Australians are excited today about qualifying for the World Cup Finals but the economy of host nation Brazil has been grappling with slowing economic growth.
Locals have taken to the streets to protest about inadequate infrastructure and the rising costs of hosting the World Cup.
President Dilma Rousseff has said people have engaged in “information terrorism” through the media. But it is evident that the country needs some structural reforms to help revive growth.
We walk you through five key talking points on Brazil’s economy:
Inflation – Brazil’s inflation reached 6.5% in 12 months through May. Strong private consumption, supply shocks, “17% average exchange rate depreciation in 2012,” easy fiscal and monetary policy, and a rise in import duties, all drove inflation higher.
The concern is that rising inflation will hurt real wages and consumption.
Wage inflation and competitiveness – “As a consequence of both the sharp increase in domestic wages (due to a tightening of the labour market) and the appreciation of the exchange rate, labour costs in dollars increased sharply (more than 300% since the end of 2002), matching productivity gains and then eroding Brazil’s competitiveness,” according to BBVA Research.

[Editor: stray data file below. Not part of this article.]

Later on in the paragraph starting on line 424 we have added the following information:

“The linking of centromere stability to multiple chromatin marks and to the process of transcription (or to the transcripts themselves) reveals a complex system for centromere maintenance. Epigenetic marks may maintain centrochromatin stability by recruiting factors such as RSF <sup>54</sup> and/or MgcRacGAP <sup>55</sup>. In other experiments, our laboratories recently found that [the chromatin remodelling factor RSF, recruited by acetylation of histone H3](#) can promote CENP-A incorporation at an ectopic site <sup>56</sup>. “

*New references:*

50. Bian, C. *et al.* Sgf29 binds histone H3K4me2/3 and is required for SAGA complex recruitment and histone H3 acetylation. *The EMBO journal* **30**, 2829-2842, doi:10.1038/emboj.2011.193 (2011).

Credit growth hits a wall – Credit-fuelled consumption growth has hit a wall in Brazil. The government needs to address the issue but it’s unclear if they will considering elections are coming up in 2014.
GDP growth is slowing – Brazil’s economy grew a mere 0.9% in 2012. Rising wages hurt the Brazilian economy as the country lost competitiveness. The credit-fuelled consumption growth maxed out also hurting economic growth. Along with other issues like poor infrastructure and high taxes.
The current account deficit is deteriorating – “The current account is deteriorating as real exports of goods and services declined sharply in Q1 against a big jump in imports.” But the decline in balance of payments (BOP) is nearly done, according to Societe Generale.
Morgan Stanley analysts see no reason to panic about the decline in BOP, and attribute most of the rapid decline to “accounting errors from the customs authority.”
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